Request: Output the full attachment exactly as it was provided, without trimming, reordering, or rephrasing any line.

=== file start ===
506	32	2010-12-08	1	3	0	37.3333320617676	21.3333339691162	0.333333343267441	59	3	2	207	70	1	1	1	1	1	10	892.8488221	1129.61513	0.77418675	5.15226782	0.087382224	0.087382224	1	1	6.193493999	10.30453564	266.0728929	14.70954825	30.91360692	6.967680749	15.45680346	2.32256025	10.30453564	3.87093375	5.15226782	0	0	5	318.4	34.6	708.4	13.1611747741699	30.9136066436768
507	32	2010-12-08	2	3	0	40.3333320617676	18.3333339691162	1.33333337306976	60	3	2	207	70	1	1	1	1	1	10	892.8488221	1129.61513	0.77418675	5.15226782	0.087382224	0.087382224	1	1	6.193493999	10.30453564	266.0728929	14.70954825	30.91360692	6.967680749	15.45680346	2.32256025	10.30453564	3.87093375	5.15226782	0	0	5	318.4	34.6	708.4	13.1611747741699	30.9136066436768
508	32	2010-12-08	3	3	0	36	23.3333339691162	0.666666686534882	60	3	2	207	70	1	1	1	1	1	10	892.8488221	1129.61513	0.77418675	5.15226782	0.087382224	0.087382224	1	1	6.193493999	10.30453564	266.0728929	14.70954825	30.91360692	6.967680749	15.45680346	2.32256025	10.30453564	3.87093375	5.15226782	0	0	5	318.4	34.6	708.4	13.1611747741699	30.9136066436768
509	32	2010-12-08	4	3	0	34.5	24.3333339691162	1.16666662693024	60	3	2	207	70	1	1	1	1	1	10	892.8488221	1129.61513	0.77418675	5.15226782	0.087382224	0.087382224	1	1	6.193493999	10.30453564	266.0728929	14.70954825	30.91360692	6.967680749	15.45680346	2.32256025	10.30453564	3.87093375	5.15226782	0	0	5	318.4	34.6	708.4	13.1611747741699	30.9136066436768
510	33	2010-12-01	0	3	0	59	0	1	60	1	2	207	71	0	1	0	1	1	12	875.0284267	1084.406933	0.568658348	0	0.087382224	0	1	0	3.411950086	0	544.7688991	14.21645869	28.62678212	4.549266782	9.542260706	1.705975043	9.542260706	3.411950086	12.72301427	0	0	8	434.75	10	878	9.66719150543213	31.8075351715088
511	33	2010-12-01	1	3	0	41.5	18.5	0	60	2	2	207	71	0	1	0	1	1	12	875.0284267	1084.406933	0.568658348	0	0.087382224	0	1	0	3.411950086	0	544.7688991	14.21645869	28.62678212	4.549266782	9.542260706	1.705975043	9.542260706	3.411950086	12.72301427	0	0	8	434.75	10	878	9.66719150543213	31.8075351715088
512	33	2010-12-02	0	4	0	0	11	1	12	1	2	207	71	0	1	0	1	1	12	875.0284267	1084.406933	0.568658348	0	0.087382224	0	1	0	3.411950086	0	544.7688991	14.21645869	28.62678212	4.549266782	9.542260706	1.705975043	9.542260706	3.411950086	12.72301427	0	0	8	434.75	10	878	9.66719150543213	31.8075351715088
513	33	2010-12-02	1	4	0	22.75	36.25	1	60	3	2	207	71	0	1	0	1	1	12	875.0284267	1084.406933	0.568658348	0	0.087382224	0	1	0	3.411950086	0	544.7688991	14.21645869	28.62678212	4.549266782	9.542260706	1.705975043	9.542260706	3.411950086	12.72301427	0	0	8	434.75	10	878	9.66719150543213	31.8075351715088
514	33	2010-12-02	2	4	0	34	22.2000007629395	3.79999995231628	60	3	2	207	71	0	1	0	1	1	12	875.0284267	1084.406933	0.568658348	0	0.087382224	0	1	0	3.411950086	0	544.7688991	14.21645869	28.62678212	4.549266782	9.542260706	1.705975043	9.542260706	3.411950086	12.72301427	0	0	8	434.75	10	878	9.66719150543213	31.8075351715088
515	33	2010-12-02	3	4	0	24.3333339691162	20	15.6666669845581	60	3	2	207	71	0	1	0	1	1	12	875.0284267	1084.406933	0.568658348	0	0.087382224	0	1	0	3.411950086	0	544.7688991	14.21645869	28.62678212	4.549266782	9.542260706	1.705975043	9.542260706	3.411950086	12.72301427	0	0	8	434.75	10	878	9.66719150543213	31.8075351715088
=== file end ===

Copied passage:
506	32	2010-12-08	1	3	0	37.3333320617676	21.3333339691162	0.333333343267441	59	3	2	207	70	1	1	1	1	1	10	892.8488221	1129.61513	0.77418675	5.15226782	0.087382224	0.087382224	1	1	6.193493999	10.30453564	266.0728929	14.70954825	30.91360692	6.967680749	15.45680346	2.32256025	10.30453564	3.87093375	5.15226782	0	0	5	318.4	34.6	708.4	13.1611747741699	30.9136066436768
507	32	2010-12-08	2	3	0	40.3333320617676	18.3333339691162	1.33333337306976	60	3	2	207	70	1	1	1	1	1	10	892.8488221	1129.61513	0.77418675	5.15226782	0.087382224	0.087382224	1	1	6.193493999	10.30453564	266.0728929	14.70954825	30.91360692	6.967680749	15.45680346	2.32256025	10.30453564	3.87093375	5.15226782	0	0	5	318.4	34.6	708.4	13.1611747741699	30.9136066436768
508	32	2010-12-08	3	3	0	36	23.3333339691162	0.666666686534882	60	3	2	207	70	1	1	1	1	1	10	892.8488221	1129.61513	0.77418675	5.15226782	0.087382224	0.087382224	1	1	6.193493999	10.30453564	266.0728929	14.70954825	30.91360692	6.967680749	15.45680346	2.32256025	10.30453564	3.87093375	5.15226782	0	0	5	318.4	34.6	708.4	13.1611747741699	30.9136066436768
509	32	2010-12-08	4	3	0	34.5	24.3333339691162	1.16666662693024	60	3	2	207	70	1	1	1	1	1	10	892.8488221	1129.61513	0.77418675	5.15226782	0.087382224	0.087382224	1	1	6.193493999	10.30453564	266.0728929	14.70954825	30.91360692	6.967680749	15.45680346	2.32256025	10.30453564	3.87093375	5.15226782	0	0	5	318.4	34.6	708.4	13.1611747741699	30.9136066436768
510	33	2010-12-01	0	3	0	59	0	1	60	1	2	207	71	0	1	0	1	1	12	875.0284267	1084.406933	0.568658348	0	0.087382224	0	1	0	3.411950086	0	544.7688991	14.21645869	28.62678212	4.549266782	9.542260706	1.705975043	9.542260706	3.411950086	12.72301427	0	0	8	434.75	10	878	9.66719150543213	31.8075351715088
511	33	2010-12-01	1	3	0	41.5	18.5	0	60	2	2	207	71	0	1	0	1	1	12	875.0284267	1084.406933	0.568658348	0	0.087382224	0	1	0	3.411950086	0	544.7688991	14.21645869	28.62678212	4.549266782	9.542260706	1.705975043	9.542260706	3.411950086	12.72301427	0	0	8	434.75	10	878	9.66719150543213	31.8075351715088
512	33	2010-12-02	0	4	0	0	11	1	12	1	2	207	71	0	1	0	1	1	12	875.0284267	1084.406933	0.568658348	0	0.087382224	0	1	0	3.411950086	0	544.7688991	14.21645869	28.62678212	4.549266782	9.542260706	1.705975043	9.542260706	3.411950086	12.72301427	0	0	8	434.75	10	878	9.66719150543213	31.8075351715088
513	33	2010-12-02	1	4	0	22.75	36.25	1	60	3	2	207	71	0	1	0	1	1	12	875.0284267	1084.406933	0.568658348	0	0.087382224	0	1	0	3.411950086	0	544.7688991	14.21645869	28.62678212	4.549266782	9.542260706	1.705975043	9.542260706	3.411950086	12.72301427	0	0	8	434.75	10	878	9.66719150543213	31.8075351715088
514	33	2010-12-02	2	4	0	34	22.2000007629395	3.79999995231628	60	3	2	207	71	0	1	0	1	1	12	875.0284267	1084.406933	0.568658348	0	0.087382224	0	1	0	3.411950086	0	544.7688991	14.21645869	28.62678212	4.549266782	9.542260706	1.705975043	9.542260706	3.411950086	12.72301427	0	0	8	434.75	10	878	9.66719150543213	31.8075351715088
515	33	2010-12-02	3	4	0	24.3333339691162	20	15.6666669845581	60	3	2	207	71	0	1	0	1	1	12	875.0284267	1084.406933	0.568658348	0	0.087382224	0	1	0	3.411950086	0	544.7688991	14.21645869	28.62678212	4.549266782	9.542260706	1.705975043	9.542260706	3.411950086	12.72301427	0	0	8	434.75	10	878	9.66719150543213	31.8075351715088